Increased immune function, improved sleep, and stress relief are a few of the positive perks of sexual activity. But if you’ve lost interest in the good stuff, you are not alone.
What causes sexual dysfunction? Vancouver-based sex therapist Dr. Teesha Morgan, dhs says the most common sexual problems in women are low libido and pain during sex, and for men, erectile dysfunction.
“Couples are reaching out for help with communication; for instance when one partner has a higher libido than the other, or when they are trying to have a baby and find their sex life becoming mechanical,” says Dr. Morgan.
Given that our libidos are influenced by a myriad of psychological and physiological conditions, it is important to consider what may be putting a damper on your sex drive. Beliefs about sex and sexual preferences, how you are feeling about yourself, your work-life balance, and hormones all play a role.
Here are a few tips to help you get your groove back.
Make a date (with yourself)
Dr. Morgan suggests many of the sexual problems she encounters in her practice could be alleviated through a new narrative that dispels fear-based myths surrounding self-pleasure.
She says when we can romance ourselves through masturbation we become better partners, better lovers, and better communicators. Check out her recent Ted Talk exploring the topic www.teeshamorgan.com/media/
Hit the gym
A lack of desire or arousal can be tied to how you are feeling about your partner, but first consider, how do you feel about yourself?
If you are tired or sluggish, a tweak to your exercise regime might rev up your engines. Naturopathic Physician Dr. Shelby Entner says exercise fuels our organs of desire. “Our pelvic regions require blood flow so circulatory issues can impact sexual performance, and our ability to get turned on,” she explains.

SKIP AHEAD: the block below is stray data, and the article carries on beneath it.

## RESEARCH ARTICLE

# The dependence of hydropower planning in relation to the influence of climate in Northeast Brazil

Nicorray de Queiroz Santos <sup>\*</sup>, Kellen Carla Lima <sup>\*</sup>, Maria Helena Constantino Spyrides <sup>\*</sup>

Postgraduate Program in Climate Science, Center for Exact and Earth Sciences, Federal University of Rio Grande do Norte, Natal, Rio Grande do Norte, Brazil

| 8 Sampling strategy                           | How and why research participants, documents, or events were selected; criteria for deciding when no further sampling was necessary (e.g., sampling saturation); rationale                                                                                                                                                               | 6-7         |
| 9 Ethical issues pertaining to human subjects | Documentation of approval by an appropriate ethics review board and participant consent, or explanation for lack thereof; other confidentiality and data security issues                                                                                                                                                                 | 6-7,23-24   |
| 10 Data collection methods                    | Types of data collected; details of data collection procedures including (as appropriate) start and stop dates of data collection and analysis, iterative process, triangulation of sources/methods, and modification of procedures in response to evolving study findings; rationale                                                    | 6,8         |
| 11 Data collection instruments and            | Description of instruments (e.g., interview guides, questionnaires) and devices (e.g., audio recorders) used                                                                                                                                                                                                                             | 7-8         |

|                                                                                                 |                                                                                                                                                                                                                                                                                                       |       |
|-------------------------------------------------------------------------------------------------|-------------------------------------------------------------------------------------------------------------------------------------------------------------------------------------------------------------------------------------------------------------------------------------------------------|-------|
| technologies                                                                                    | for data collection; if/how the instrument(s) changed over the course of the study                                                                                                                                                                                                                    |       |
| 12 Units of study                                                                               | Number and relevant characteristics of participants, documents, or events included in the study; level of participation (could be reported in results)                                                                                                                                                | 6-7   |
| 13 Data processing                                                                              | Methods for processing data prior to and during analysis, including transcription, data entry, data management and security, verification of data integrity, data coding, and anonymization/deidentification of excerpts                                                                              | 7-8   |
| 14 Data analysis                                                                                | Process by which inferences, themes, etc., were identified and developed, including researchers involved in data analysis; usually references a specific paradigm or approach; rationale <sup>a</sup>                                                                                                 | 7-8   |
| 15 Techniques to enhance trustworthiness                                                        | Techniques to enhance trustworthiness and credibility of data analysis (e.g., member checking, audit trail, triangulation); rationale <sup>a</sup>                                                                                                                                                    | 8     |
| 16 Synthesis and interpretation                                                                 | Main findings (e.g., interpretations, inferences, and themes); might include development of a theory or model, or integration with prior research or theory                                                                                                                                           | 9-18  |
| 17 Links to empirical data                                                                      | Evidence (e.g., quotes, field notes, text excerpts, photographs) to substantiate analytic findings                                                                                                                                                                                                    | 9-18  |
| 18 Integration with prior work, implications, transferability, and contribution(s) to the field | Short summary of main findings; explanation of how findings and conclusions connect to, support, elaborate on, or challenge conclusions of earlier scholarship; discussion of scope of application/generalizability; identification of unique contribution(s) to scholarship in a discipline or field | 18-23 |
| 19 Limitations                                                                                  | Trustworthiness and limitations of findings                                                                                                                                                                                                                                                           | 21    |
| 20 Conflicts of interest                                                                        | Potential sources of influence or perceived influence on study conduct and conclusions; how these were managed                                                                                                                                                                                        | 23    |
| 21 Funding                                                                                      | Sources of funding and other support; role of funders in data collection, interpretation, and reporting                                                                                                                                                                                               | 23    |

Go for a run, a hike, a snowshoe, or a ski. Try a strength training, spin, dance, or yoga class. If illness or injury stands in the way, talk to your healthcare practitioner about limited mobility fitness options.
Check-up on your hormone
When production levels of testosterone in the body are low (a natural decline starts around age 30), a man may experience a lagging sex drive, erectile dysfunction, and fertility issues.Testosterone also plays a role in women’s health, so depression, fatigue, and a decreased libido could be signs of hormone imbalance. Add the decline of progesterone and estrogen during perimenopause and menopause to the equation, and there’s clearly some biochemical complexities that can contribute to sexual dysfunction.
According to Dr. Entner, medications for anxiety and depression also tend to have sexual side effects and flat-line our libidos. Moreover, endocrine disruptors in the environment can impact hormones and fertility.
Talk to your healthcare practitioner about a blood test, or in naturopathic medicine a saliva or urinary test, to further evaluate your hormone levels and the role they are playing in your sexuality.
Seek professional support
Periods of dormancy in desire are normal as our bodies, minds, and relationships change and grow. However, if you are feeling stuck, enlisting the help of an expert can be a lifeline for relationships.
“If a couple is experiencing sexual dysfunction, a third-party facilitating effective communication can help you move away from shaming and anxiety and toward validation and empathy,” says Dr. Morgan. “As a relationship evolves so too can the sex, but both partners must be willing to address the elephant in the room.”